What makes Wonder Woman and Wonder Woman 1984 so profound is the realization that humanity must be shown a better way — we can’t get there on our own. Humanity has a potential for goodness that must be stirred up. Goodness has to be shown to us, because we tend to fail to see it for ourselves. This is where Diana Prince comes in so powerfully. In Wonder Woman 1984, she interrupts Maxwell’s broadcast to the world to appeal to a mass of broken people to put aside their immediate wants for the sake of one another. Though immediate satisfaction is at their fingertips, Diana pleads with them to suffer loss, to die to themselves, and to suffer well. In other words, she calls upon humanity to make a very important sacrifice.

And this is not an empty call. For Diana herself has made this very same sacrifice. She renounces her own wish, giving up Steve Trevor once again. In doing so, she becomes a symbol, a beacon, and her words a rallying cry to a flailing humanity that cannot of its own accord rise above its base nature. She becomes an example, a not-quite-human whose capacity for goodness actually makes her the best example of what humans can and should be. In this way, she looks less and less like any number of other more popular superheroes, and more and more like Christ.

A Film About Truth. The human capacity for creating a fantasy that is removed from reality cannot be overstated. This is a fantasy in which people tend to place themselves at the center, with the whole of this fantasy world revolving around their own wants and desires. This seems to be what John Calvin had in mind when he wrote the famous line, “the human heart is a perpetual idol factory.”5 And the idols produced always take the shape of the thing the heart most desires. As Emily Dickinson once wrote, “the heart wants what it wants — or else it does not care.”6 The heart desires immediate satisfaction, lost in a kind of perpetual spiritual FOMO that demands gain without loss, victory without sacrifice, and grace without suffering. And the truth is that many of our fantasies are born out of pain, a desire to see personal wrongs righted, to find a way to ensure that we never have to hurt again. The great deception, of course, is in thinking that if we just get what we want right now, then we will somehow be made complete.

One of the great truths of the Christian life is that these idols — these fantasies — must shatter against the reality of Jesus Christ. The reason Christians hold to the Bible as a source of authority is, in part, because of the stark clarity by which it helps us to see the world. Its words are taken as Truth with a capital “t,” just as Jesus Himself claimed to be “the truth” (John 14:6), before appealing to the Father to sanctify those whom the Father had given Him “in the truth,” for the Father’s word “is truth” itself (17:17). All throughout Scripture, we learn of mankind’s darkened mind (Rom. 1:21), and how, in this dim state, mankind refuses to recognize this truth (Eph. 4:18), even suppressing God’s self-revelation (Rom. 1:18–19). Suffering, therefore, must be embraced despite the pain. It is not that Christians do not believe in suffering; on the contrary, the apostle Paul rejoiced in his suffering because of the hope it ultimately produced (Rom. 5:3), and the apostle Peter admonished his readers to rejoice in light of the fact that they suffered with Christ (1 Pet. 4:13).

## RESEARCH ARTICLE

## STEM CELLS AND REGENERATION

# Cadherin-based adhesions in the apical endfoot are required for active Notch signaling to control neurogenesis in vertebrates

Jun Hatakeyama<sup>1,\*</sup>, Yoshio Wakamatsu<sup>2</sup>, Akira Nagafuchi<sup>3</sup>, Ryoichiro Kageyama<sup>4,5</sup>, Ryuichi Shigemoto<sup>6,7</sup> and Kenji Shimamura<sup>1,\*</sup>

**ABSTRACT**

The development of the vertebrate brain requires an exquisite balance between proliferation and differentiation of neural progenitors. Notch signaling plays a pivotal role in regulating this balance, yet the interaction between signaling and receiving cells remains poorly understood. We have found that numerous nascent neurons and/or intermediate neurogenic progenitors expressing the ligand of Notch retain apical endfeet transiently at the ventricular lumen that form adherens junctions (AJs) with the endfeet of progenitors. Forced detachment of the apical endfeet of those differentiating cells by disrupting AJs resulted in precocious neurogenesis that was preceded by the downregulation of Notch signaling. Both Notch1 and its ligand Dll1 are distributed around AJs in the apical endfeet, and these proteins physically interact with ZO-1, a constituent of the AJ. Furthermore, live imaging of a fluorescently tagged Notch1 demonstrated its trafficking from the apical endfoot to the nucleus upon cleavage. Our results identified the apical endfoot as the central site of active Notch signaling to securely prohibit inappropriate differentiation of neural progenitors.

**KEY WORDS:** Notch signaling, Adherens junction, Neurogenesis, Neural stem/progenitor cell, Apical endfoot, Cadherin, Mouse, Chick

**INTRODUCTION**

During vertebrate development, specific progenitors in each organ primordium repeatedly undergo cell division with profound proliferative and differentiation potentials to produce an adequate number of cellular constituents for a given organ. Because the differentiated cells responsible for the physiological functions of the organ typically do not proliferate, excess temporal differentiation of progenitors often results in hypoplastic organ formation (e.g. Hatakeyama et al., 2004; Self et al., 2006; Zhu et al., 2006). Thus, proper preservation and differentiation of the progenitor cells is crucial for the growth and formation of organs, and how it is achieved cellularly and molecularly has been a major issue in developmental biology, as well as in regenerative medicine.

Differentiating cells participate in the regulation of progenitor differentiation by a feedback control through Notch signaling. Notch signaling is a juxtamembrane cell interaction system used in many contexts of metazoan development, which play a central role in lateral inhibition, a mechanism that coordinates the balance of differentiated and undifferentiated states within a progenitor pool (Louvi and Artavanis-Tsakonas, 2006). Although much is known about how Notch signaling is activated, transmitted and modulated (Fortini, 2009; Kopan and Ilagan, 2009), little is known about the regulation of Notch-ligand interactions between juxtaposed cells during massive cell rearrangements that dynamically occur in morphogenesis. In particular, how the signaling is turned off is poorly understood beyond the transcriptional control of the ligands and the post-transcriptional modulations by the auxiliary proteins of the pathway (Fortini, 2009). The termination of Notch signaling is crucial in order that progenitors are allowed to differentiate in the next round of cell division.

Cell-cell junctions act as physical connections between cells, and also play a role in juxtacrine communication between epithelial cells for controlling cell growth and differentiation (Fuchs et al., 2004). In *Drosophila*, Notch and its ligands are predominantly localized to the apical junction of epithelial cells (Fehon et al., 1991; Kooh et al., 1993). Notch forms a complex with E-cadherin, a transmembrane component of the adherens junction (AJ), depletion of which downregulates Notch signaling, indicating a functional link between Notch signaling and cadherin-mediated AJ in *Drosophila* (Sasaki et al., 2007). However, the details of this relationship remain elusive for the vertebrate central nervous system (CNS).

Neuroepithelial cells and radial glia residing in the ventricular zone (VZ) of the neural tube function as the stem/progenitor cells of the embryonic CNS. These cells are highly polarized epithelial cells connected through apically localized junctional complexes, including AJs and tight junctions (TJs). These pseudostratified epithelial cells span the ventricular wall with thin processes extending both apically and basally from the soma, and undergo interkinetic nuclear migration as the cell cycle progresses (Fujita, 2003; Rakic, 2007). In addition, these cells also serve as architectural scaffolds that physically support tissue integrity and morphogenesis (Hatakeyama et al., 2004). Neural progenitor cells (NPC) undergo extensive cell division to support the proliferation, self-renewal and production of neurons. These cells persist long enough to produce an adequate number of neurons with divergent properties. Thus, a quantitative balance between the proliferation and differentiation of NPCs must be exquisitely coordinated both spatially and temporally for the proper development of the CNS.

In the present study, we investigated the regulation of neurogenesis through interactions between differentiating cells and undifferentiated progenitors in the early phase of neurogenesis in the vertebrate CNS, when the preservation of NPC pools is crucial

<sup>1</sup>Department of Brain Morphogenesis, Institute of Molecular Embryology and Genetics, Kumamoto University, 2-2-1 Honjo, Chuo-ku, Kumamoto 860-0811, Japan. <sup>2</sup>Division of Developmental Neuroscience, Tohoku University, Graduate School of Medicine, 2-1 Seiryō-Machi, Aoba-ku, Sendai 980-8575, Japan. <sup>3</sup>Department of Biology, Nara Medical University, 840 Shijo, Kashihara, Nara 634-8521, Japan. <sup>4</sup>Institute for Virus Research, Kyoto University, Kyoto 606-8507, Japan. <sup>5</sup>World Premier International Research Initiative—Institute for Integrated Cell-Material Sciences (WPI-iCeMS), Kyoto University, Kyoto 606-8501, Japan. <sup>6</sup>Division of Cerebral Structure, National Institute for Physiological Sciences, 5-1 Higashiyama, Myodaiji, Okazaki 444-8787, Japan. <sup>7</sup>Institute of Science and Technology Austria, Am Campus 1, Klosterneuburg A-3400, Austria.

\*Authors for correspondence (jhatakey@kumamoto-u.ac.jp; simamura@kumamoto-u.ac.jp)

“This world was a beautiful place just as it was, but you cannot have it all,” Diana says in the stunning finale of Wonder Woman 1984. “You can only have the truth. And the truth is enough.” As Maxwell threatens to plunge the world into chaos, Diana calls to him: “You are not the only one who has suffered…who imagined a world where everything was different, better….But what is it costing you? Do you see the truth?”7 Her words are a plea not only to Maxwell, but also to the world. Fantasy must shatter against reality, and the cost of our desires must always be counted. The nightmare world presented in Wonder Woman 1984 is one in which humans attain their immediate desires, without a moment’s thought given to their fellow man. It takes Diana and her example to come breaking in before mankind sees a better way forward, one that is marked by the milestones of suffering and sacrificial living for the sake of another.

The message of Wonder Woman 1984 is one, I think, Christians can understand profoundly. In our darkened fantasies, we are the center of the universe, and the world becomes our oyster. We are ruled by our selfish wants, deceiving ourselves into believing that what we desire is best for the world, and everyone else should just fall in line with our vision for our future. Yet the Scriptures teach us time and again that these fantasies must shatter against reality, a reality that tells us we cannot have the world. We can only have the Truth — and He is enough. —Cole Burgett

Cole Burgett is a seminary student, a graduate of Moody Bible Institute, and an author for the website Christ and Pop Culture.

NOTES

  1. See Manohla Dargis, “Wonder Woman 1984 Review: It’s Not About What We Deserve,” New York Times, December 24, 2020, https://www.nytimes.com/2020/12/24/movies/wonder-woman-1984-review.html.
  2. See Lauren Thompson, “FOMO: It’s Your Life You’re Missing Out On,” ScienceDaily, March 30, 2016, www.sciencedaily.com/releases/2016/03/160330135623.htm.
  3. See Elliot Taylor Panek, “Immediate Media: How Instant Gratification, Self-Control, and the Expansion of Media Choice Affect Our Everyday Lives,” PhD dissertation, (University of Michigan, 2012).
  4.  See Janet Blumberg, “Plato and Augustine in the Writings of C. S. Lewis,” Seattle Pacific University, Speakers and Events, 665 (2001), https://digitalcommons.spu.edu/av_events/665.
  5. Originally given in Latin as “hominis ingenium perpetuam, ut ita loquar, esse idolorum fabricam” in John Calvin, Institutes of the Christian Religion (1559 ed.), I. 11.8.
  6. Emily Dickinson, “Letter to Mrs. Samuel Bowles,” The Letters (1862), 262, https://www.emilydickinson.it/l0261-0280.html.
  7. Wonder Woman 1984, directed by Patty Jenkins, written by Patty Jenkins et al., Warner Bros., 2020.